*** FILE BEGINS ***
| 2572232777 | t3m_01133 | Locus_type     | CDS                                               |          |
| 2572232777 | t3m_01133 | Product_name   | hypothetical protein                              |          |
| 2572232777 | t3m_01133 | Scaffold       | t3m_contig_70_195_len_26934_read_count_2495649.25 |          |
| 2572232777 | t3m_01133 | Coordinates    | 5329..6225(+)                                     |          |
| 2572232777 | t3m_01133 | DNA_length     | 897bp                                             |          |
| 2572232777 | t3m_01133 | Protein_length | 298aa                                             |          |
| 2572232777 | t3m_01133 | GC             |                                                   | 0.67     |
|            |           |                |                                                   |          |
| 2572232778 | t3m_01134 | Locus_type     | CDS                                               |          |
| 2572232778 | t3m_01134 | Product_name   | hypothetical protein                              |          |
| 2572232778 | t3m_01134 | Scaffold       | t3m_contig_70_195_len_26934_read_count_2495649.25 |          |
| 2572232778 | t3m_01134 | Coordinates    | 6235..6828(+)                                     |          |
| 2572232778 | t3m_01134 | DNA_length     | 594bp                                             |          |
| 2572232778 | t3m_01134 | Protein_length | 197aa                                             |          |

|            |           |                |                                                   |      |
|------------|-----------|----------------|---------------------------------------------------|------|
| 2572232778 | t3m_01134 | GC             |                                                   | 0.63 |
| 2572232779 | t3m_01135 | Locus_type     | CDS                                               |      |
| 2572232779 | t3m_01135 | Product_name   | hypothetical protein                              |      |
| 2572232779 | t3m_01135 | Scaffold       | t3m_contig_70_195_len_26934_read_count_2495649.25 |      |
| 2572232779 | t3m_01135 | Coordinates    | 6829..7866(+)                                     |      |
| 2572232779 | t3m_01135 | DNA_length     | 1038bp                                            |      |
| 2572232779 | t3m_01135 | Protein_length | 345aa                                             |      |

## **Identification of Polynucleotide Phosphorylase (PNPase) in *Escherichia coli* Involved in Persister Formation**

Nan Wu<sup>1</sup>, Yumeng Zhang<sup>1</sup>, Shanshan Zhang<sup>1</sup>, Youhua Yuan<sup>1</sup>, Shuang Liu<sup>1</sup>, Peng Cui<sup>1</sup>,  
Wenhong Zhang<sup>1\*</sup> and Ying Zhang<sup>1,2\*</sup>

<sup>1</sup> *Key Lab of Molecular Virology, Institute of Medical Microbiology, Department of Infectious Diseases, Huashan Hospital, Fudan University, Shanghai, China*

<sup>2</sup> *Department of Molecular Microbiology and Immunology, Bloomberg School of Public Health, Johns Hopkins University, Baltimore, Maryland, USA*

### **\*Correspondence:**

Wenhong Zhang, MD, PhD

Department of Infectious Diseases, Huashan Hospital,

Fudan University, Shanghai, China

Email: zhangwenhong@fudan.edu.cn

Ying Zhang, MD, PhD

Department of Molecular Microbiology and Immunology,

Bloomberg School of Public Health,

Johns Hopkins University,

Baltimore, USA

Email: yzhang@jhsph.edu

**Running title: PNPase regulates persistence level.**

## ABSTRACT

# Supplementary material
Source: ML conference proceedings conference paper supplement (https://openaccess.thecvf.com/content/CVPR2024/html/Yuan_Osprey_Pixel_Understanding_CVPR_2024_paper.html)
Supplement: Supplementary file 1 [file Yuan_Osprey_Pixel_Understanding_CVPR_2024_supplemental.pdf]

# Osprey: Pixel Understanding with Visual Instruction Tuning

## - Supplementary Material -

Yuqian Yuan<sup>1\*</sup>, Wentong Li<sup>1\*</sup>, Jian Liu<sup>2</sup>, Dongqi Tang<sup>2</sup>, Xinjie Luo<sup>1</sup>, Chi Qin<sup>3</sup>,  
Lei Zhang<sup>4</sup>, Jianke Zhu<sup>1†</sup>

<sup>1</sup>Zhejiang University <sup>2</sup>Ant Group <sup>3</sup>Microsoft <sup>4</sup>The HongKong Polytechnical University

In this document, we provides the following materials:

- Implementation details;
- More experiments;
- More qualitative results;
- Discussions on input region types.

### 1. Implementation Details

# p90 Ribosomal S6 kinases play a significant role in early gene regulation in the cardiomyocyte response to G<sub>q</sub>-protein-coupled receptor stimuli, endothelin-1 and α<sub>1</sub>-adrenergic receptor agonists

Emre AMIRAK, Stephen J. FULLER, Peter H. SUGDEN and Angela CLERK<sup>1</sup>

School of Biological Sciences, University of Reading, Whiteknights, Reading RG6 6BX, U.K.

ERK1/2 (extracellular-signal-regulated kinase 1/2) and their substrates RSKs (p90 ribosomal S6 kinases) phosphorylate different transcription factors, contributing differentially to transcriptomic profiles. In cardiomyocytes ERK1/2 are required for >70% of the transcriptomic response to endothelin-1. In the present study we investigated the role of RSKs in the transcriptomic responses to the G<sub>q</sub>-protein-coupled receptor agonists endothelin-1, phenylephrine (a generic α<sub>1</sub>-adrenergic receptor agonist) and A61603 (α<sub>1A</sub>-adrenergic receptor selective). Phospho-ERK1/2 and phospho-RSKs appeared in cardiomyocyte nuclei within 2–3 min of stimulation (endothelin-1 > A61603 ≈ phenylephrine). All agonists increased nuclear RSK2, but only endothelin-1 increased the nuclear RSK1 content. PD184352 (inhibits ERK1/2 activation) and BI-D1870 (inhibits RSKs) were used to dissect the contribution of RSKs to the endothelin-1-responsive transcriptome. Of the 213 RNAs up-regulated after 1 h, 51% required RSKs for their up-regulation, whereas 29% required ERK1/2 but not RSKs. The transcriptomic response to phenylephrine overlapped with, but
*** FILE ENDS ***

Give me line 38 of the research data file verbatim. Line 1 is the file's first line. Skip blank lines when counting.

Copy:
Baltimore, USA